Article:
In AD150, the Alexandrine geographer Ptolemy wrote of a snow capped mountain range, deep in the heart of Africa that, he claimed, was the source of the Nile and which he called the Mountains of the Moon. Over the centuries this curious notion of tropical snow faded into mythology and, when John Speke found the Nile’s exit from Lake Victoria, a place in fiction for the Mountains of the Moon seemed assured. But then, in 1889, Henry Stanley emerged from central Africa to announce that such a mountain did exist. He mapped it by its local name of Rwenjura – or ‘rainmaker’.
In due course mountaineers explored Ptolemy’s Mountains of the Moon. Though just miles north of the Equator, they found in the high Rwenzori glaciers and snow peaks whose meltwaters represent the highest springs ofthe Nile. These trickle downwards into U-shaped glacial valleys where, supplemented by up to 2500mm of rain/year, they saturate the broad valley floors to form great soggy bogs. Within these rain and mist filled troughs, loom specimens of Africa’s bizarre high altitude vegetation and stunted trees enveloped by colorful mosses and draped with beards of lichen.
This remarkable landscape is bisected by the Uganda-Congo border which passes through Mt. Stanley the highest peak. The Ugandan Rwenzori is protected by the Rwenzori Mountains National Park and, in Congo by the Virunga National Park. The park can be explored along a 7 -day trail that meanders along the Mobuku and Bujuku valleys beneath the highest peaks. Though distances are short, the terrain, altitude and weather combine to create a tough trek, the difficulty of which should not be underestimated.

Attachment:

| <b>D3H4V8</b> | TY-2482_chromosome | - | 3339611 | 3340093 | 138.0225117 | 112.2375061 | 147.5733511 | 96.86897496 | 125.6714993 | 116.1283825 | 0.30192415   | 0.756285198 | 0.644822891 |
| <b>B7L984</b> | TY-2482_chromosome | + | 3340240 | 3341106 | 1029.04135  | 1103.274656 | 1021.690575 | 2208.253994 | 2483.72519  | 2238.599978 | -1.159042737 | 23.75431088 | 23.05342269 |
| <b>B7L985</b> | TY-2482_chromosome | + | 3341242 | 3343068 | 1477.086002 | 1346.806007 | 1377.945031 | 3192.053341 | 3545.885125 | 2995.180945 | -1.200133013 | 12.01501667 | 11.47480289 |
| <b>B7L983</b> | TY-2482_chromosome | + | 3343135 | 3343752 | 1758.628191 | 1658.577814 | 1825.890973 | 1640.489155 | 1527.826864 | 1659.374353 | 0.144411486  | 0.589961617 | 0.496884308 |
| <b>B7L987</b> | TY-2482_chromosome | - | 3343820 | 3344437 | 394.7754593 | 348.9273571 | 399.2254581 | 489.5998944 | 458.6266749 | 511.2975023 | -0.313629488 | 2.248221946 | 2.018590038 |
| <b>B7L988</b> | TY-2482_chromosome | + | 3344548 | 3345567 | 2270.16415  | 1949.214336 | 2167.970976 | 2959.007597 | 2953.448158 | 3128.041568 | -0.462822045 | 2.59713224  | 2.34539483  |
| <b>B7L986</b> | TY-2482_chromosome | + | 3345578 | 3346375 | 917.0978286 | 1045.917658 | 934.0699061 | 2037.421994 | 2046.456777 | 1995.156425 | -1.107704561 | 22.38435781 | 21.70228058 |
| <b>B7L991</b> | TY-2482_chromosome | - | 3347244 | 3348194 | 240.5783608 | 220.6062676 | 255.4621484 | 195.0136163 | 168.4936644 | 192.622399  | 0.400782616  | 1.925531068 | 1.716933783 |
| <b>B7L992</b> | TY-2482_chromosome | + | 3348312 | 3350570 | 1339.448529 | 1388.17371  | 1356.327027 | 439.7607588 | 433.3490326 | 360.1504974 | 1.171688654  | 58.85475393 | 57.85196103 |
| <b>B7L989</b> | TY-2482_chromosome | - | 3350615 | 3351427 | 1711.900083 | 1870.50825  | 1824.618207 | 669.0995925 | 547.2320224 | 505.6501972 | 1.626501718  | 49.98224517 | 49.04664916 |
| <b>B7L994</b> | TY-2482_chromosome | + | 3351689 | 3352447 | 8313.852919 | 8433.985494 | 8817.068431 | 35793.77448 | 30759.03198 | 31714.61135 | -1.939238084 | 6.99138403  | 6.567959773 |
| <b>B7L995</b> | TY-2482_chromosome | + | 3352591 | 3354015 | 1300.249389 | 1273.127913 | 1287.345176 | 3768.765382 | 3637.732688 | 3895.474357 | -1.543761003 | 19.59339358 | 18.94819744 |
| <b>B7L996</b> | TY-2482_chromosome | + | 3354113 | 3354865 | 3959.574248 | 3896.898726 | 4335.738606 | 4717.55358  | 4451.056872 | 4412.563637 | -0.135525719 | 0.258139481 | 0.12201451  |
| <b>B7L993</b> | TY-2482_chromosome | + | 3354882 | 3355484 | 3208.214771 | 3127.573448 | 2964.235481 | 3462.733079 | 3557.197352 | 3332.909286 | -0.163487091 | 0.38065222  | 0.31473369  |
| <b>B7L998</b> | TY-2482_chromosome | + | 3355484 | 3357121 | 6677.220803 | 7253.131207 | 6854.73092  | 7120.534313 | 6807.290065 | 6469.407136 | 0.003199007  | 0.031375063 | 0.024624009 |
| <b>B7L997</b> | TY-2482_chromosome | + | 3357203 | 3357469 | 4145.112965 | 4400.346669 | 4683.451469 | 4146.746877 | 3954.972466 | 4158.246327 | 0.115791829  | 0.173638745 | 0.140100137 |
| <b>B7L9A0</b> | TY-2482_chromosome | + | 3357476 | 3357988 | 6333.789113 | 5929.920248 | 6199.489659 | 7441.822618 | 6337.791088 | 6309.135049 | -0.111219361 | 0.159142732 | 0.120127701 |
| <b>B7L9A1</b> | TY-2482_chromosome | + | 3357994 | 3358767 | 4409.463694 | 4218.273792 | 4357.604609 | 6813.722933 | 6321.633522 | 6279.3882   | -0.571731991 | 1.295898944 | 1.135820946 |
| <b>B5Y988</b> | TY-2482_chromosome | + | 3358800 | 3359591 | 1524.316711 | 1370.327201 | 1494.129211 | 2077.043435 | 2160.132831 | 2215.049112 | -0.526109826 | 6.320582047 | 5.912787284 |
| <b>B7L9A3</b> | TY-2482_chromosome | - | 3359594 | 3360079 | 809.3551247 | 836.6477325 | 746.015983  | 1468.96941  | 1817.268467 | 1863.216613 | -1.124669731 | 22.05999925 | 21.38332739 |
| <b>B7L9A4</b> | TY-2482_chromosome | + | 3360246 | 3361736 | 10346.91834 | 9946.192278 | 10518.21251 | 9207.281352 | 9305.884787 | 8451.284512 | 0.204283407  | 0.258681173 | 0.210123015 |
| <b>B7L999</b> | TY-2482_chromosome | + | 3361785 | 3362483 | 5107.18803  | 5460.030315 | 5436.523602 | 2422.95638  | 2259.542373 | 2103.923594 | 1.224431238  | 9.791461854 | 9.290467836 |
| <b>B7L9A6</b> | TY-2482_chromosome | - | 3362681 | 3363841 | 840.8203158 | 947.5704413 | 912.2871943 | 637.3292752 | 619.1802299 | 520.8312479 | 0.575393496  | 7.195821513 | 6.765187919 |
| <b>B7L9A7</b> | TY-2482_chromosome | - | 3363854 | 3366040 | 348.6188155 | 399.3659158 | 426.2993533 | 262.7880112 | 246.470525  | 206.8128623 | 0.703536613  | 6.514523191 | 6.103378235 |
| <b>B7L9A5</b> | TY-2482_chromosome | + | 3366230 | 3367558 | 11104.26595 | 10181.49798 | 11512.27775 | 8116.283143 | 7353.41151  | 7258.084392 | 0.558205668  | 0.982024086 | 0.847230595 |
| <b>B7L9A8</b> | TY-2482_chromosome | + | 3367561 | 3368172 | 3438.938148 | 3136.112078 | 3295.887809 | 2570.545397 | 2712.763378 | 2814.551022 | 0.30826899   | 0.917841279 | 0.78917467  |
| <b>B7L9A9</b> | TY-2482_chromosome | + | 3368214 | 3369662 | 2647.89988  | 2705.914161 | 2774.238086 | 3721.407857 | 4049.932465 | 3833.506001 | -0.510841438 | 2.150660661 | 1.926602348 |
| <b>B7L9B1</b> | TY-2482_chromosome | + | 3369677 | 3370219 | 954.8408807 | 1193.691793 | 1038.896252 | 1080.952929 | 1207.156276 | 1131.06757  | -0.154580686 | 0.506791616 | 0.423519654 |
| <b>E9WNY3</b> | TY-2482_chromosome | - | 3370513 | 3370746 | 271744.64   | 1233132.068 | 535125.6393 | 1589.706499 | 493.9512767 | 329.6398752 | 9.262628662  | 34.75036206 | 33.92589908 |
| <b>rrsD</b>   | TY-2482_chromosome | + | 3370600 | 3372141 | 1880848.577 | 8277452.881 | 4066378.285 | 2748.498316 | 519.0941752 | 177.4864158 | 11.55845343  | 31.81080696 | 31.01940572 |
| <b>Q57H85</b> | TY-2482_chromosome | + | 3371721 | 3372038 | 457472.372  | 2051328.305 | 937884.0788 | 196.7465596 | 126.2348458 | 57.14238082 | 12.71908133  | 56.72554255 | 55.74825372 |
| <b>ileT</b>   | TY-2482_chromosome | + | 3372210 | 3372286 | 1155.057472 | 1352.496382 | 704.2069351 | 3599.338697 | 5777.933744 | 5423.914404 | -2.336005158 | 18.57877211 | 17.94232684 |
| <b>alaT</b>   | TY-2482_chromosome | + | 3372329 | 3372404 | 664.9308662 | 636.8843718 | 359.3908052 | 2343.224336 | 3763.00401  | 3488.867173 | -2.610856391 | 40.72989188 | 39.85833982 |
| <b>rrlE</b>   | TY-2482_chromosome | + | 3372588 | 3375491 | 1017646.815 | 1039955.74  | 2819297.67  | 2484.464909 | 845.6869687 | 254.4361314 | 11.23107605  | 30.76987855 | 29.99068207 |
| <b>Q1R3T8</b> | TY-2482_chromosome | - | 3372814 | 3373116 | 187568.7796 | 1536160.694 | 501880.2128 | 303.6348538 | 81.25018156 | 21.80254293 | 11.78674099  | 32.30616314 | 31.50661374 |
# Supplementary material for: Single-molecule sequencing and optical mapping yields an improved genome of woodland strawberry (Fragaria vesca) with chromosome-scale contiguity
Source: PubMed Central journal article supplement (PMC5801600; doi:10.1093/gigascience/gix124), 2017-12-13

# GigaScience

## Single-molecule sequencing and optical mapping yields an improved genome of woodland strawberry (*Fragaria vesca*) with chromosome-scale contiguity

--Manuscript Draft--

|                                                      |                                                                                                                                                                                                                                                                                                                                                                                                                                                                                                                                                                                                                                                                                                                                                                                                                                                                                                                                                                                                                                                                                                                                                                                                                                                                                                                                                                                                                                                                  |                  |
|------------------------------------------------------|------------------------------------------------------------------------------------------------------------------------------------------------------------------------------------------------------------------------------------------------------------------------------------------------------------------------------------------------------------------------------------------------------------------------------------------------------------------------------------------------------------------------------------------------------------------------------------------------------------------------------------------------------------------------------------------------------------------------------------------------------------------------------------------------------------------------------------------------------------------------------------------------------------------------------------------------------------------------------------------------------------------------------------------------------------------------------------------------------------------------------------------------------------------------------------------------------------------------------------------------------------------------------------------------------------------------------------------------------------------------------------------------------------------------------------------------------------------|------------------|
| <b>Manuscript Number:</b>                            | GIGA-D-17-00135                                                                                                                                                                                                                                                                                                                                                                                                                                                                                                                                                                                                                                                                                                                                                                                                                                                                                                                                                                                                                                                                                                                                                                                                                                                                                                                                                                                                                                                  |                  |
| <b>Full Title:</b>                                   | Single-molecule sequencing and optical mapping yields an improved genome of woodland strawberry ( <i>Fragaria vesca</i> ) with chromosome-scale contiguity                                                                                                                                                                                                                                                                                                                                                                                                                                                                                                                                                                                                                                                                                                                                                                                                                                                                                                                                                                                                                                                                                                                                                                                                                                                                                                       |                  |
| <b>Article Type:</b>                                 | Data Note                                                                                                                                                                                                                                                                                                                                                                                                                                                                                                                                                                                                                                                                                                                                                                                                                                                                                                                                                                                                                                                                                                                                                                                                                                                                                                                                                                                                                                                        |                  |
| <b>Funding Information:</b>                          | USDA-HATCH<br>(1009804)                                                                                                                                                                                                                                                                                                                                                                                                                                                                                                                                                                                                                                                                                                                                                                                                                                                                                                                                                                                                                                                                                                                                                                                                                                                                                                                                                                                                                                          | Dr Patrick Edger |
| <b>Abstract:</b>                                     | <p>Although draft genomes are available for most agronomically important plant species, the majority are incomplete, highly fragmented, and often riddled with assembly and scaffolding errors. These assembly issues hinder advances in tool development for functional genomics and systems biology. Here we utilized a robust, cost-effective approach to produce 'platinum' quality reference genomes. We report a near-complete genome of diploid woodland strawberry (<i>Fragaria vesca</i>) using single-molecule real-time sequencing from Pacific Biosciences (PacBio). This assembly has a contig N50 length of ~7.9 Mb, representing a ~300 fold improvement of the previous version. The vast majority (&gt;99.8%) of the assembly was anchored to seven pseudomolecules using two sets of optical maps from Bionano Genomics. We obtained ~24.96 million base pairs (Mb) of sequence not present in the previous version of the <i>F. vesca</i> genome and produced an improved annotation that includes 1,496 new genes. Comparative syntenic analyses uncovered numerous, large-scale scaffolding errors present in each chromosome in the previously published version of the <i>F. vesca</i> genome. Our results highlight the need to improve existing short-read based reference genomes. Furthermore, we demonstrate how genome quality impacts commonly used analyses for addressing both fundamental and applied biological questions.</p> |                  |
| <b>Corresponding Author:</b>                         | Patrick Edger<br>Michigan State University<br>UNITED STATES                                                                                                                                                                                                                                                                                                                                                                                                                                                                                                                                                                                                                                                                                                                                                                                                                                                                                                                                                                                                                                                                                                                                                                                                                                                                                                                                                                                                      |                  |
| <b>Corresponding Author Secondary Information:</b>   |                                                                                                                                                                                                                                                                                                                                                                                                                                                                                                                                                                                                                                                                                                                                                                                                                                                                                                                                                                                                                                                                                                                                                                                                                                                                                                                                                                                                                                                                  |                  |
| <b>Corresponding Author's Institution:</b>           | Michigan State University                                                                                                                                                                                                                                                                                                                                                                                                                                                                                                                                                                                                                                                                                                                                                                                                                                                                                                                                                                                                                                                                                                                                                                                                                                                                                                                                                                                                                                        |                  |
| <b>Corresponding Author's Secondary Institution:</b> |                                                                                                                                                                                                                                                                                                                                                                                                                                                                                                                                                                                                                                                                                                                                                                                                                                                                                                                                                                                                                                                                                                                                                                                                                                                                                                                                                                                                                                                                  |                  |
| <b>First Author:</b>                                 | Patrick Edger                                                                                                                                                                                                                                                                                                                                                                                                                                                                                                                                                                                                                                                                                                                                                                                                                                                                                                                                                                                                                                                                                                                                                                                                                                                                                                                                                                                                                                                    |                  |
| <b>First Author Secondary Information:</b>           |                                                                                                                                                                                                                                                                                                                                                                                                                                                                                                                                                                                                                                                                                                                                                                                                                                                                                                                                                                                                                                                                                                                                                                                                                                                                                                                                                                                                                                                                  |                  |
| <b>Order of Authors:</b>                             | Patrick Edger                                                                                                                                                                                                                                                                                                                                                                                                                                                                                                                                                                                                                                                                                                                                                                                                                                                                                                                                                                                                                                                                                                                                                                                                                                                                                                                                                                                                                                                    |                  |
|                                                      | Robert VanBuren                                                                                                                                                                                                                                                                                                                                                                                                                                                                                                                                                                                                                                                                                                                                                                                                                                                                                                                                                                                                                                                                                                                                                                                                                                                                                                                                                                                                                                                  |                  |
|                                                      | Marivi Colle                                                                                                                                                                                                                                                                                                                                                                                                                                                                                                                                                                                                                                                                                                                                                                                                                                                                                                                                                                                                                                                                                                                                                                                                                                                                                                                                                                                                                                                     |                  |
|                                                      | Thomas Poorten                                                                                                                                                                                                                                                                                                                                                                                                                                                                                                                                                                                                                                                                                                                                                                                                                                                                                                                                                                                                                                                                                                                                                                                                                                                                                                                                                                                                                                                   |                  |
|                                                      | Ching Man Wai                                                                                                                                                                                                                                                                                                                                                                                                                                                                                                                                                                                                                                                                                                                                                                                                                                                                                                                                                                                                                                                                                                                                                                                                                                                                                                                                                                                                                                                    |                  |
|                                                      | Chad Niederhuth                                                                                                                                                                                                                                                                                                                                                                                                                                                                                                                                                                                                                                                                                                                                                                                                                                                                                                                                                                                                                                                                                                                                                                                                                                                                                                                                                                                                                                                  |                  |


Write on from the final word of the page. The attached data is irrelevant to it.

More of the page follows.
After its sighting by Stanley, the weather confounded several attempts to scale (or even observe) the mountain’s main peaks. In 1906, the Italian Duke of Abruzzi timed his expedition more carefully, making his attempt during June and July. He and his companions succeeded in scaling, mapping and photographing all of the main peaks and establishing the layout of the high Rwenzori.
The Rwenzori lies a few kilometres north of the equator, rising over 4000m above the floor of the Albertine Rift Valley. The park trailhead at Nyakalengija can be reached from Kampala from the north via Fort Portal (375km) or the south passing through Mbarara and Queen Elizabeth National Park (450km). You can book a guided tour with one of the local tour operators who offer organised Rwenzori treks. If you are not a fan of the road trip, taking a charter flights to Kasese can be arranged from Kampala (Kajjansi) or Entebbe.
Hiking in the Rwenzoris
While those with the inclination can scale the main peaks, most visitors are content to follow the Central Circuit trail to enjoy their magnificent setting. Time your ascent for the driest months which are July-August and December-February. Pack for an alpine expedition, taking a good quality sleeping bag and raingear, and a supply of spare warm clothes, especially socks. There will be little opportunity to dry clothes and equipment. Strong boots capable of being fitted with crampons are essential for the peaks. A pair of cheap gumboots are better suited to the boggy conditions of the Central Circuit.
The Central Circuit hike is organised through the Rwenzori Mountaineering Services (RMS) and starts from Nyakalengija. RMS will provide a guide, cook, and sufficient porters to carry your heavy equipment and food, leaving you to carry a small pack with raingear, spare clothes, camera, water bottle and snacks. UWA will provide a ranger escort. You will be responsible for providing your own food, cooking equipment and fuel, first aid kit, and sleeping bag and mat. Some equipment, such as crampons, ice-axes, ropes and harnesses, can be rented from RMS. Food can be purchased in Kasese or Kampala but specialised, lightweight dried meals should be brought with you to Uganda. Note that park fees are paid separately to UWA.
Why Go Hiking in the Rwenzoris
Which Companies to Use
What are the Best Hikes
When is the Best Time to Go Hiking